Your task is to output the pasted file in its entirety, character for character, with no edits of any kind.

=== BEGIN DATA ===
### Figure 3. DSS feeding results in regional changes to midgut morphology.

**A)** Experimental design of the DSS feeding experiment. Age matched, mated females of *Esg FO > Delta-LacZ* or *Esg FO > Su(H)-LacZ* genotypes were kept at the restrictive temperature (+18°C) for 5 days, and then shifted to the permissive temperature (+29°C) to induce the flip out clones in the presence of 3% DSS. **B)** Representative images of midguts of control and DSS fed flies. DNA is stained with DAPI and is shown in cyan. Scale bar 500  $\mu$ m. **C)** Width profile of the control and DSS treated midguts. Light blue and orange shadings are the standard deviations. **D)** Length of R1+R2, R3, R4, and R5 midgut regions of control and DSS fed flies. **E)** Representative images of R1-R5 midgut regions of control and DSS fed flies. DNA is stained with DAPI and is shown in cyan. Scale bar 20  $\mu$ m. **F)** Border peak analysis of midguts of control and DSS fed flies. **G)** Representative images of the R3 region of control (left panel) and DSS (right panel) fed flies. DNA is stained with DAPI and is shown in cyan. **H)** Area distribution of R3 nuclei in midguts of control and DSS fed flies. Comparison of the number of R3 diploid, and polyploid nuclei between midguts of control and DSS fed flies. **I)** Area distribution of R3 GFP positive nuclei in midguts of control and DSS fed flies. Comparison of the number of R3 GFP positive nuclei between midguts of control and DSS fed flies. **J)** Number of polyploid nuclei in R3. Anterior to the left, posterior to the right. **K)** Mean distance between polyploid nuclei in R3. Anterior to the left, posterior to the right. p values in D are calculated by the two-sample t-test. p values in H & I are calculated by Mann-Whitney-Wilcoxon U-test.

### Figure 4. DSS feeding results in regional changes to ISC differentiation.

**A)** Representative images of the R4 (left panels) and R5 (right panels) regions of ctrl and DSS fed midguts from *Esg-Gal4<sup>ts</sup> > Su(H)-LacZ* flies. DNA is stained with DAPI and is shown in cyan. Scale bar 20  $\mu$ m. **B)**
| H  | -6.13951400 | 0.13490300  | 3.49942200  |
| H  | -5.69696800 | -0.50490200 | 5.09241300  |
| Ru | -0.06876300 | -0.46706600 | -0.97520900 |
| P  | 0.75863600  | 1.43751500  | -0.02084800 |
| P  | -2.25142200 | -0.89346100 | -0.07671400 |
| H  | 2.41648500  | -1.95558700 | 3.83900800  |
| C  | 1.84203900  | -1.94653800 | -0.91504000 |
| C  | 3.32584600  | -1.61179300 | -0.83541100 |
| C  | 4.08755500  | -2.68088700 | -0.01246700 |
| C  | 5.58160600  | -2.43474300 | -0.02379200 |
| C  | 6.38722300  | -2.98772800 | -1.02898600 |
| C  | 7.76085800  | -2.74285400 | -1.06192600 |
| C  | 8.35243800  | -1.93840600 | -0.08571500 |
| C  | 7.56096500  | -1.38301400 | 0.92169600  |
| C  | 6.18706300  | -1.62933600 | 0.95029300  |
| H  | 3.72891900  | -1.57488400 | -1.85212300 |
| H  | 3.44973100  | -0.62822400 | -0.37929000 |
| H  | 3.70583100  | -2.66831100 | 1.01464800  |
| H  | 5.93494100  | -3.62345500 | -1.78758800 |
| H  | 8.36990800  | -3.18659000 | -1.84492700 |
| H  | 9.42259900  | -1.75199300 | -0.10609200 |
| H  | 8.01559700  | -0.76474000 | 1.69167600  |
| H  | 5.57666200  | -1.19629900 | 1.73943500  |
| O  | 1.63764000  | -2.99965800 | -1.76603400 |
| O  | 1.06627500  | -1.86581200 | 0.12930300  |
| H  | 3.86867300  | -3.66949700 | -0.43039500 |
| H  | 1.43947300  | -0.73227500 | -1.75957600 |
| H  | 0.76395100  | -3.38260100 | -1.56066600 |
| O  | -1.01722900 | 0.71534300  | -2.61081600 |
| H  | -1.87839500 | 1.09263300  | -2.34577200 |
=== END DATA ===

### Figure 3. DSS feeding results in regional changes to midgut morphology.

**A)** Experimental design of the DSS feeding experiment. Age matched, mated females of *Esg FO > Delta-LacZ* or *Esg FO > Su(H)-LacZ* genotypes were kept at the restrictive temperature (+18°C) for 5 days, and then shifted to the permissive temperature (+29°C) to induce the flip out clones in the presence of 3% DSS. **B)** Representative images of midguts of control and DSS fed flies. DNA is stained with DAPI and is shown in cyan. Scale bar 500  $\mu$ m. **C)** Width profile of the control and DSS treated midguts. Light blue and orange shadings are the standard deviations. **D)** Length of R1+R2, R3, R4, and R5 midgut regions of control and DSS fed flies. **E)** Representative images of R1-R5 midgut regions of control and DSS fed flies. DNA is stained with DAPI and is shown in cyan. Scale bar 20  $\mu$ m. **F)** Border peak analysis of midguts of control and DSS fed flies. **G)** Representative images of the R3 region of control (left panel) and DSS (right panel) fed flies. DNA is stained with DAPI and is shown in cyan. **H)** Area distribution of R3 nuclei in midguts of control and DSS fed flies. Comparison of the number of R3 diploid, and polyploid nuclei between midguts of control and DSS fed flies. **I)** Area distribution of R3 GFP positive nuclei in midguts of control and DSS fed flies. Comparison of the number of R3 GFP positive nuclei between midguts of control and DSS fed flies. **J)** Number of polyploid nuclei in R3. Anterior to the left, posterior to the right. **K)** Mean distance between polyploid nuclei in R3. Anterior to the left, posterior to the right. p values in D are calculated by the two-sample t-test. p values in H & I are calculated by Mann-Whitney-Wilcoxon U-test.

### Figure 4. DSS feeding results in regional changes to ISC differentiation.

**A)** Representative images of the R4 (left panels) and R5 (right panels) regions of ctrl and DSS fed midguts from *Esg-Gal4<sup>ts</sup> > Su(H)-LacZ* flies. DNA is stained with DAPI and is shown in cyan. Scale bar 20  $\mu$ m. **B)**
| H  | -6.13951400 | 0.13490300  | 3.49942200  |
| H  | -5.69696800 | -0.50490200 | 5.09241300  |
| Ru | -0.06876300 | -0.46706600 | -0.97520900 |
| P  | 0.75863600  | 1.43751500  | -0.02084800 |
| P  | -2.25142200 | -0.89346100 | -0.07671400 |
| H  | 2.41648500  | -1.95558700 | 3.83900800  |
| C  | 1.84203900  | -1.94653800 | -0.91504000 |
| C  | 3.32584600  | -1.61179300 | -0.83541100 |
| C  | 4.08755500  | -2.68088700 | -0.01246700 |
| C  | 5.58160600  | -2.43474300 | -0.02379200 |
| C  | 6.38722300  | -2.98772800 | -1.02898600 |
| C  | 7.76085800  | -2.74285400 | -1.06192600 |
| C  | 8.35243800  | -1.93840600 | -0.08571500 |
| C  | 7.56096500  | -1.38301400 | 0.92169600  |
| C  | 6.18706300  | -1.62933600 | 0.95029300  |
| H  | 3.72891900  | -1.57488400 | -1.85212300 |
| H  | 3.44973100  | -0.62822400 | -0.37929000 |
| H  | 3.70583100  | -2.66831100 | 1.01464800  |
| H  | 5.93494100  | -3.62345500 | -1.78758800 |
| H  | 8.36990800  | -3.18659000 | -1.84492700 |
| H  | 9.42259900  | -1.75199300 | -0.10609200 |
| H  | 8.01559700  | -0.76474000 | 1.69167600  |
| H  | 5.57666200  | -1.19629900 | 1.73943500  |
| O  | 1.63764000  | -2.99965800 | -1.76603400 |
| O  | 1.06627500  | -1.86581200 | 0.12930300  |
| H  | 3.86867300  | -3.66949700 | -0.43039500 |
| H  | 1.43947300  | -0.73227500 | -1.75957600 |
| H  | 0.76395100  | -3.38260100 | -1.56066600 |
| O  | -1.01722900 | 0.71534300  | -2.61081600 |
| H  | -1.87839500 | 1.09263300  | -2.34577200 |